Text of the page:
COLUMN: Remember where you were Sept. 15?

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By John Herndon

Of course you remember where you were on Sept. 11, 2001.

You’ll never forget. You can’t erase the memories of seeing planes fly into the World Trade Center. Nor can anyone expunge the memory of seeing the most visible symbols of American economic might buckle, tilt slightly, then seeing all 110 stories come tumbling down.

Nearly 3,000 lives were snuffed out that day.

No one, not even the sports world, was immune. Rick Pitino lost his brother-in-law. Former Cincinnati Bengal Boomer Esiason saw the offices to his cystic fibrosis foundation obliterated and, he said at the time, about 150 of its biggest supporters murdered.

Almost immediately, the NFL and Major League Baseball halted play. Soon after, the NCAA canceled games for a week.

Osama bin Laden and his cadre of madmen had won. Or so they thought.

When the news broke Sunday that Navy Seals had killed bin Laden I could not help but think back to what began to transpire when the sun rose on Sept. 12, 2001.

America fought back.

And three days later, I was fighting back, too, when I attended a football game.

Anderson County played Western Hills at Hollie Warford Stadium that Saturday night. Neither team had won a game up to that point.
Yet, that week, we simultaneously saw just how trivial and how important sports really are to us.

Athletic practices were canceled on Tuesday, Sept. 11, but resumed the following day. “We tried to keep a regular routine as best we could,” Jimmy Joe Jackson recalled Monday. Jackson was midway through his seven-year tenure as Anderson’s coach at the time.

He’d dealt with wins and losses, tragedies and euphoria, but never anything like the shock of seeing the country attacked and watching it play out on television. Some of the kids were almost old enough to serve in the military. Some had family serving overseas. Players and fans alike were left to wonder if we really were headed for a catastrophic war.

“The football game was secondary to what was going on in our nation,” Jackson recalled. “We felt it was important to our team, school and community to play the game.”

But in its own way, high school football was a springboard to the fight back.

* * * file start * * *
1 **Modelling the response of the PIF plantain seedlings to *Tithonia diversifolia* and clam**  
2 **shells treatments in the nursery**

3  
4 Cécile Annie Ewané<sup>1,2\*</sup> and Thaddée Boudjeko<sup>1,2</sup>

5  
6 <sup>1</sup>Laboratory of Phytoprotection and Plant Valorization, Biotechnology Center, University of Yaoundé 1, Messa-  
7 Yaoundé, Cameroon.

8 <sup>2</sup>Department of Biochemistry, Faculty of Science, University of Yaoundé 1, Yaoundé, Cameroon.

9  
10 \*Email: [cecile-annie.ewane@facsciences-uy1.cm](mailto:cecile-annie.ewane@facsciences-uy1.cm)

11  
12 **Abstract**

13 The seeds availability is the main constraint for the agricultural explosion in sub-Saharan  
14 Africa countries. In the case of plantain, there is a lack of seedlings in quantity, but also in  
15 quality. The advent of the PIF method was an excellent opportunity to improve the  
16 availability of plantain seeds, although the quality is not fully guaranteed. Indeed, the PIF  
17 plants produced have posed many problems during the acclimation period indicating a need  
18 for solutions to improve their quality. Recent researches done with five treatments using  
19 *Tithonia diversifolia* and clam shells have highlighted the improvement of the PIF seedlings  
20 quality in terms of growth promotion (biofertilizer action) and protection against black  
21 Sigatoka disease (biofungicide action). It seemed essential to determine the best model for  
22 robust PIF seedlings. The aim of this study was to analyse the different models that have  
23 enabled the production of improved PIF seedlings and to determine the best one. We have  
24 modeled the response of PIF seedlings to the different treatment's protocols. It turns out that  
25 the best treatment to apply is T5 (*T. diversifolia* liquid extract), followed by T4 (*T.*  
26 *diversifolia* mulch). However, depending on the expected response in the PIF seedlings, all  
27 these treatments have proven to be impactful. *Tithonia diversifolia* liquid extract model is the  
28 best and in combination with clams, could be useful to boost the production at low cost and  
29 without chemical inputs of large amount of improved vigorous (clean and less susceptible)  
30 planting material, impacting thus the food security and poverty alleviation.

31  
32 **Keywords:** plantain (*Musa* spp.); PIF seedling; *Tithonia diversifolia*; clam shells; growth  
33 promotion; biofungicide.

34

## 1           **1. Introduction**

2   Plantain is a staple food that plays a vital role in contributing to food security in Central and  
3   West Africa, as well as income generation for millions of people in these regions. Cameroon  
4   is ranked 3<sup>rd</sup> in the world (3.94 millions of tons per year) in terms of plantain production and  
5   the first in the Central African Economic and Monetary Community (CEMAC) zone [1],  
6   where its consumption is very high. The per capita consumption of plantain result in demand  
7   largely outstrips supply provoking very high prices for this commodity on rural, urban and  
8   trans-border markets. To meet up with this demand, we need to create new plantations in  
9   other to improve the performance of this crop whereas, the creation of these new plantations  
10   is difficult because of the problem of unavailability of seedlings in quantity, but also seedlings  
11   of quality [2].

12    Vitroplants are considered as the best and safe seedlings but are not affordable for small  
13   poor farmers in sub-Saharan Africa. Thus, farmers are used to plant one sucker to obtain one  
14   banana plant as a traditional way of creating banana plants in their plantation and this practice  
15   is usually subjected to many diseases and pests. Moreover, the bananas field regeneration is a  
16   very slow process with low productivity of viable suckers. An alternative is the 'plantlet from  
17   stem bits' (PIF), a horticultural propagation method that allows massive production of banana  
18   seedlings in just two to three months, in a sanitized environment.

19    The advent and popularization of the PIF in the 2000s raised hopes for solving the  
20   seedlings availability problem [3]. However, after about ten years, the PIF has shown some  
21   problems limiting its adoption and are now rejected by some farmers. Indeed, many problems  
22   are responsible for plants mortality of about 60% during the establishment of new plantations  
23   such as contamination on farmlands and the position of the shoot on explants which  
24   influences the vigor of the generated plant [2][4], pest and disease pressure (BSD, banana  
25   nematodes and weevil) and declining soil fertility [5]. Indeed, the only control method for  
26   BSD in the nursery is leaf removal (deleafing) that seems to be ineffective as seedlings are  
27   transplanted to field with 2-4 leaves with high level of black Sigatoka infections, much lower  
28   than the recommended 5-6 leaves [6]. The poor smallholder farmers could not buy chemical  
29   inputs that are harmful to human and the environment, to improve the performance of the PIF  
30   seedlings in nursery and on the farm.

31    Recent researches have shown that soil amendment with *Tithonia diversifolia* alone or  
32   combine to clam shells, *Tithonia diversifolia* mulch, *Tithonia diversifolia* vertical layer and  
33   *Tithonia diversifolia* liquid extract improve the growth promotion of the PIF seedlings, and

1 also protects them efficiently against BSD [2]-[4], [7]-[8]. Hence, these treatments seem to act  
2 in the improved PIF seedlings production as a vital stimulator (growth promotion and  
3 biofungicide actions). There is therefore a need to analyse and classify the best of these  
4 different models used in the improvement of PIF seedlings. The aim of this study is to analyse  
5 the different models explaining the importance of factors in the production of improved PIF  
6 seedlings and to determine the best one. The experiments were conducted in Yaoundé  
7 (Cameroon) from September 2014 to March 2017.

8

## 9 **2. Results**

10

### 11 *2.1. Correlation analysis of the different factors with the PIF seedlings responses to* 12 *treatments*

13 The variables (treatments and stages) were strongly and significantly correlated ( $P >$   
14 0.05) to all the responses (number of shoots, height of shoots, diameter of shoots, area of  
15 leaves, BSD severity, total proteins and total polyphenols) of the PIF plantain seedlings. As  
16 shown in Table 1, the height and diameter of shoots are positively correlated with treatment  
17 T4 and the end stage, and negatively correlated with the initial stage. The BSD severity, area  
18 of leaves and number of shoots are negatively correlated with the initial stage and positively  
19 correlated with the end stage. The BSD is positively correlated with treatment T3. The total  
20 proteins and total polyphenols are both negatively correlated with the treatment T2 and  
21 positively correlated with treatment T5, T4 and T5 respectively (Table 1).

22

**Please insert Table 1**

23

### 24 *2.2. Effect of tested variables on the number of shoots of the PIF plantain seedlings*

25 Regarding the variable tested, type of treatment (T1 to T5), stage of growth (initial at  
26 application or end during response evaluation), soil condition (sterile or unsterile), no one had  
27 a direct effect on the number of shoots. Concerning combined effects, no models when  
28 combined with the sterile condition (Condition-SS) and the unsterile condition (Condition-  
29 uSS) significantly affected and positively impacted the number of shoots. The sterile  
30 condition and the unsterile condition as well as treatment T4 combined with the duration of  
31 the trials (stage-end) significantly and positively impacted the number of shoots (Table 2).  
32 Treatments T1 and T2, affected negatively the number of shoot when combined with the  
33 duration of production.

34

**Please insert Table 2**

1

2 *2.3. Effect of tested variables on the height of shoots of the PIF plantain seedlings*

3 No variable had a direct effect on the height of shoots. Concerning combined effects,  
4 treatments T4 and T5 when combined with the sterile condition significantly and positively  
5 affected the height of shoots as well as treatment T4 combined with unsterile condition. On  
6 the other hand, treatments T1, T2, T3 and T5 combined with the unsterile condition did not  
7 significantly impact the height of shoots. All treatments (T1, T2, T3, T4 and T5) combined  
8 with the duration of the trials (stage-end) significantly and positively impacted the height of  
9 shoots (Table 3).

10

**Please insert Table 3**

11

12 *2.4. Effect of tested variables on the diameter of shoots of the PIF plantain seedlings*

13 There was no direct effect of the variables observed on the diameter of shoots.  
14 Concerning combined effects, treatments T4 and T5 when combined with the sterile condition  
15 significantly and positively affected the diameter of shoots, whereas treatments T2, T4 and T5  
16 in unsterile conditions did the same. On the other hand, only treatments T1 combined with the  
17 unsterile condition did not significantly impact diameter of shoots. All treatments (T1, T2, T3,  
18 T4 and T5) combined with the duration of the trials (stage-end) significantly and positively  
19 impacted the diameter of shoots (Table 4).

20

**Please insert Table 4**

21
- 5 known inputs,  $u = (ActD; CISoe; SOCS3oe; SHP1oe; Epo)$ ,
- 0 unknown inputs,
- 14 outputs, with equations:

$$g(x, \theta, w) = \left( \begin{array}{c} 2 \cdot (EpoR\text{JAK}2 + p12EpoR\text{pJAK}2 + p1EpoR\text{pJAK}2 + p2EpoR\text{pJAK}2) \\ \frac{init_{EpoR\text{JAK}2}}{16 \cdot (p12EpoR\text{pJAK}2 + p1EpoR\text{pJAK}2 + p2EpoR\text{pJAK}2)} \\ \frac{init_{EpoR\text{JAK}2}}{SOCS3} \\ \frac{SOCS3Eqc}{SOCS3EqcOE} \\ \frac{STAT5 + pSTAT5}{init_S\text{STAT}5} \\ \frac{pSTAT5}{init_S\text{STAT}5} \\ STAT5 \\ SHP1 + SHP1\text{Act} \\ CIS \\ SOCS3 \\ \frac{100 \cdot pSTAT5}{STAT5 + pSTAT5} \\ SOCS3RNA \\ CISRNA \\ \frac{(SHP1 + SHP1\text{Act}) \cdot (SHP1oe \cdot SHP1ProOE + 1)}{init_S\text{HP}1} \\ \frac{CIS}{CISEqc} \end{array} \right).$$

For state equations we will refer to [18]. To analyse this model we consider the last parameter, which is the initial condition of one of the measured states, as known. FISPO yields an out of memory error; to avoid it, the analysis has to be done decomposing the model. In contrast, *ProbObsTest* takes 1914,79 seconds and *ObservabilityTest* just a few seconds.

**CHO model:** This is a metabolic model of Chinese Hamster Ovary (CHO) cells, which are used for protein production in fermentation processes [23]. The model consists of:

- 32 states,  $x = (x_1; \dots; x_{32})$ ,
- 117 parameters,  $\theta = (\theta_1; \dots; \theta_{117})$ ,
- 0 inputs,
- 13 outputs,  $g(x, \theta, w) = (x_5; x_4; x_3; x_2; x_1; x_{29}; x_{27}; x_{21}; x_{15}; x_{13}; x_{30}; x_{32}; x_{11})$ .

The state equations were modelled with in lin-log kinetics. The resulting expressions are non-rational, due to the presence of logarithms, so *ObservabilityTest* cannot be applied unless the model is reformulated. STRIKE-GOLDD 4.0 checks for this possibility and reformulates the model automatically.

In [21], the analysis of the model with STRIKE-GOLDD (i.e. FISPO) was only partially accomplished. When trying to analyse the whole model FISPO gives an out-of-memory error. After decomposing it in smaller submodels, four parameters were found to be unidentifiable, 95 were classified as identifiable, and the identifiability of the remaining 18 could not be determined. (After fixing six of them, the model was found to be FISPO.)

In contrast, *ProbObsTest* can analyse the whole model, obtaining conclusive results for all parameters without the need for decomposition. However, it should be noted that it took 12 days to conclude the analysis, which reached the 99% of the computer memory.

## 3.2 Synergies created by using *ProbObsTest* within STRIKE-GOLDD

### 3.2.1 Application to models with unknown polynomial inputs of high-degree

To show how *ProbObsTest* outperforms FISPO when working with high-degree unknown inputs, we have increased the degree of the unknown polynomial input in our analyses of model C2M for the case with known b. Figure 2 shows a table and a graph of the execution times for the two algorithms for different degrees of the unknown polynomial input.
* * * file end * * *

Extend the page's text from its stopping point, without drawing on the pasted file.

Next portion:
Games scheduled for Friday were pushed back a day because President Bush was going to address the nation. That Saturday night, I watched as the crowd kept coming in. By the time a pair of winless teams kicked off, the bleachers at Anderson’s Hollie Warford Stadium were overflowing.

“The emotions of the fans and players were evident that day,” Jackson recalled.

The flag flew at half-staff, but both teams had flag decals on their helmets. There was a moment of silence, but it turned to cheers.
Anderson County looked like a well-oiled machine that night, scoring 28 points in the third quarter. The Bearcats went on to a 50-6 win.
It would turn out to be the only victory for the 2001 season, although a forfeit from Lexington Catholic would later be added to the win total. In the grand scheme of things, that really did not matter. A people who were battered and shocked on Tuesday began that return to the American way on Saturday night.

The debate at the time was whether something as trivial as a game should have been played. Some felt it was disrespectful. Others, like me, saw the value of the diversion and getting back to normalcy.
But there was another side that we did not see until George Bush walked to the Yankee Stadium pitching mound and threw the first pitch at a World Series game six weeks later. It’s simply that sports are part of us and always will be.

Four days after Sept. 11, a smiling Jimmy Joe Jackson was happy about the Bearcats’ win but was ecstatic over the victory that taking one’s place on the line of scrimmage really meant.

Jackson said, “Osama bin Laden is not going to stop us from playing football.”

Sure enough, he didn’t.